Numerous types of scams ranging in complexity from simple deceptions to elaborate Ponzi schemes are conducted every day. Unfortunately, these frequently are directed at senior citizens, perhaps the one segment of society that has the least opportunity to recoup their losses should they fall victim to a scam.
While the various types of scams are too numerous to list here, the following is a look at some of the more common ones, along with tips on how to avoid them. Remember, becoming aware is half the battle.
The troubled relative scam – These involve phone calls claiming a relative is in custody, the hospital or otherwise in dire need of financial assistance. The callers make their claims believable by somehow knowing or by getting seniors to divulge the names of their loved ones. The callers can get away with thousands of dollars by insisting funds be wired immediately. By the time victims realize they have been scammed, it is too late to stop the transactions.
The best defense against this type of scam is education. If you have an elderly relative you fear could fall victim to this type of scheme, caution him or her to be wary of phone calls requesting money. Advise them to:
• Gather as much information as possible by asking questions;
• Avoid acting in haste or making on-the-spot decisions;
• Report all instances of deception immediately to his or her local police department or to the FBI by going to their website (www.fbi.giv/scams-safety/fraud/seniors/seniors) for directions.(1)
Pension Scams – Certain investment companies will offer cash advances in exchange for the assignment of pension benefits. Repayment of these advances is subject to long-term contracts with no early payback options, effectively resulting in exorbitantly high interest rates. Although federal law makes it illegal to sell or assign military or federal pensions, retired military personnel, along with police, firefighters, teachers and other public employees are frequently the targets of this particular scam. Perpetrators get around the law by requiring retirees to deposit their pensions or a large portion of it into bank accounts controlled by the investment companies. These companies also manage to skirt truth-in-lending laws by claiming they are not banks.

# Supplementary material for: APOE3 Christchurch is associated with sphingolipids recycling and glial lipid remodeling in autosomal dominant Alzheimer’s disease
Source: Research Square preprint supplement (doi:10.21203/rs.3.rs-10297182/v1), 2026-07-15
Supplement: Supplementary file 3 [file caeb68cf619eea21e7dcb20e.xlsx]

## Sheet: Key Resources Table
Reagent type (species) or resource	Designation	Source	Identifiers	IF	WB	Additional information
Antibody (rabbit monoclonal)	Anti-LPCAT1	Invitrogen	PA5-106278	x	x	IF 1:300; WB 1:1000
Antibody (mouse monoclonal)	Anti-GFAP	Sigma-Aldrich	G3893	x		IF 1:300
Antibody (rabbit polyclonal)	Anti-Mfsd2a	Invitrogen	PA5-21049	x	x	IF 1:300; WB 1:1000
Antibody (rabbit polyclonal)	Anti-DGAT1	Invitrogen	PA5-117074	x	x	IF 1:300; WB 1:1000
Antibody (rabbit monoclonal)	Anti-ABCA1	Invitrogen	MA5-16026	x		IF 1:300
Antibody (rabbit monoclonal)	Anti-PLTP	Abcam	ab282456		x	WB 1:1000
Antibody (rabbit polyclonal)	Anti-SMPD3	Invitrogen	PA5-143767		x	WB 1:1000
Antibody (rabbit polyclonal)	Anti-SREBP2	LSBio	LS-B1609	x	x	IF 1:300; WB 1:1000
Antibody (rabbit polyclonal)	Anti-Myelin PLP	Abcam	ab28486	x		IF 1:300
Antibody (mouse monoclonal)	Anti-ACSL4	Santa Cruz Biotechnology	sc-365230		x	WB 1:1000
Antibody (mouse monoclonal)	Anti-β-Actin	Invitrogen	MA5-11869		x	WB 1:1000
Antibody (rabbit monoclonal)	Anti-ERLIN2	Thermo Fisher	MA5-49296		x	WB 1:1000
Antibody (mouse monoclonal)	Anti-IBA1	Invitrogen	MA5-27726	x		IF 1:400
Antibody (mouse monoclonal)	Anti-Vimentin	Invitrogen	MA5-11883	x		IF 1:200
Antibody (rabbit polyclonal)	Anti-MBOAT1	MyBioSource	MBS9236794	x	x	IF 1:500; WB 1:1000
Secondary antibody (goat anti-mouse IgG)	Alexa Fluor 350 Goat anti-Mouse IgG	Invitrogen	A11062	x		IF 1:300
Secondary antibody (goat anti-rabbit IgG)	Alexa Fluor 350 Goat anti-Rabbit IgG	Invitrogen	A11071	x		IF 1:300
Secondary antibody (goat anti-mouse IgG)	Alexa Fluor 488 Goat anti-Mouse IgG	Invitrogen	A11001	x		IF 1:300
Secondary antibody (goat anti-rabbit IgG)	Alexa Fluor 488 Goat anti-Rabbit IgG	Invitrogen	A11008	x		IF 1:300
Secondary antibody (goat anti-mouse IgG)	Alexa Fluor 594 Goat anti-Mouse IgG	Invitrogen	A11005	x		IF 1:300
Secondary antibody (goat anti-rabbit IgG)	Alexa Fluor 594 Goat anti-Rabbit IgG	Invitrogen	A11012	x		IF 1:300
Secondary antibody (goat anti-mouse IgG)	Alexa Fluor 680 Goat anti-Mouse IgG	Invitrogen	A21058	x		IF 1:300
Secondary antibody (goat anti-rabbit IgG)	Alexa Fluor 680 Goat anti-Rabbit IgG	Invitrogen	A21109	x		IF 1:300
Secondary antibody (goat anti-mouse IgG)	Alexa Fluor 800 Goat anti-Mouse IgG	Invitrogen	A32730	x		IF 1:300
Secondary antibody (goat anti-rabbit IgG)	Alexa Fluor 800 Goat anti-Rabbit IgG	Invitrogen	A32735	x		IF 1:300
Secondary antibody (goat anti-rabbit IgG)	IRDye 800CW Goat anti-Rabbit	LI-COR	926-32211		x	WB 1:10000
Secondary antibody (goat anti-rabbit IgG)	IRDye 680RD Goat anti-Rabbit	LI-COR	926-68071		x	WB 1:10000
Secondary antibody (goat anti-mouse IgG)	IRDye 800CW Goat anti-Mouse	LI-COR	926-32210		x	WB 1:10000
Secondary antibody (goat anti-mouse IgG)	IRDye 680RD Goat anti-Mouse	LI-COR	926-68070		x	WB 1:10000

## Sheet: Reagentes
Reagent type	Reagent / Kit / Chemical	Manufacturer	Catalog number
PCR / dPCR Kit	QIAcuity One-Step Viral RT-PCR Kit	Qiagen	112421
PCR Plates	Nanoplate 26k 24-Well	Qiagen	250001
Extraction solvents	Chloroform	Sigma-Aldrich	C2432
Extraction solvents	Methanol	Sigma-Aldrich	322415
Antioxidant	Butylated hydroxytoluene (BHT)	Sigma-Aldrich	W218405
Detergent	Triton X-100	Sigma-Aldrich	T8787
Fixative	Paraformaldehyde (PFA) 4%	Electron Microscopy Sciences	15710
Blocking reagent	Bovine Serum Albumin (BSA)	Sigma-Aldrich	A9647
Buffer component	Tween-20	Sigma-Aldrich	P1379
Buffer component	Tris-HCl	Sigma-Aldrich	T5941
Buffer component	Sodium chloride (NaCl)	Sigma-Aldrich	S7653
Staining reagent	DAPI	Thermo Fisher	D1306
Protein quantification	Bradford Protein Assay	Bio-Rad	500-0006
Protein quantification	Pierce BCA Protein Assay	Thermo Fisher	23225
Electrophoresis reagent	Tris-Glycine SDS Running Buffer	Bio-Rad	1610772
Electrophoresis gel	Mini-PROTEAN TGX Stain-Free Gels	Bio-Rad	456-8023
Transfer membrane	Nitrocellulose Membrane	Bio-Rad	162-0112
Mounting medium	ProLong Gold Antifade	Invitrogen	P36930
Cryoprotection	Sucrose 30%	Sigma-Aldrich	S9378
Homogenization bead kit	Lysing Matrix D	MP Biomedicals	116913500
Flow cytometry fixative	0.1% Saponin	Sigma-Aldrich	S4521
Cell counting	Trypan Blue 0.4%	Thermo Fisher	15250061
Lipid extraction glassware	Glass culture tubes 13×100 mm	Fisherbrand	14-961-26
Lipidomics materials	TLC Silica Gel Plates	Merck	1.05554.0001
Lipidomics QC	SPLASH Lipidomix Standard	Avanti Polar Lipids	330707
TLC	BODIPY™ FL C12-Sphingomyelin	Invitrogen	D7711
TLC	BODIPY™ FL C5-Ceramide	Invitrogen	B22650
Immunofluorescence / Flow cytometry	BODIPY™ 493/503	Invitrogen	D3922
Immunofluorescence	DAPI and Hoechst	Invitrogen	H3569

Being aware of the law prohibiting the assignment of certain pensions can help potential victims avoid this particular scam. Other steps to take include:
• Never give anyone including creditors access to or information regarding the bank account into which your pension is deposited, and
• Take time to figure out just how much you would be paying back over time for the cash advance.(2)
Medical identity theft – This is a growing problem whereby a person’s insurance and personal information is compromised and used to obtain medications or treatments or to submit false billings. Some 250,000 people fall victim to medical identity theft each year according to recent government statistics, making it one of the fastest growing forms of identity theft in this country. Victims often face out-of-pocket expenses, loss of health insurance or the need to pay much higher premiums to restore their coverage. Last year about 36% of medical identity theft victims incurred out-of-pocket expenses averaging nearly $19,000. What’s more, these victims can receive incorrect medical care as a result of their medical identities having been stolen.
One of the best ways to protect against medical identity theft is to protect your insurance information as you would your credit card information. Seniors should avoid carrying their Medicare card on them as these cards contain Social Security numbers. Instead, make a copy, blacking out certain digits to thwart theft of the information. If your medical information has been lost or stolen, report it immediately, beginning with a complaint to the Federal Trade Commission.(3)
Fake funeral invitations – There is a new trend, according to the AARP Bulletin (July-August 2014, Vol. 55, No. 6), whereby thieves send emails announcing fake funeral notifications. While these emails contain the name and logo of actual funeral homes, they also contain links that, if clicked on, unleash malware designed to obtain files and sensitive information, such as passwords, which can, in turn, be used to steal the identity of the targeted victim.
The easiest way to recognize fake funeral announcements is through their vague subject lines. Legitimate announcements would include the deceased’s name.(4)
(4) AARP Bulletin; July-August 2014, Vol. 55, No. 6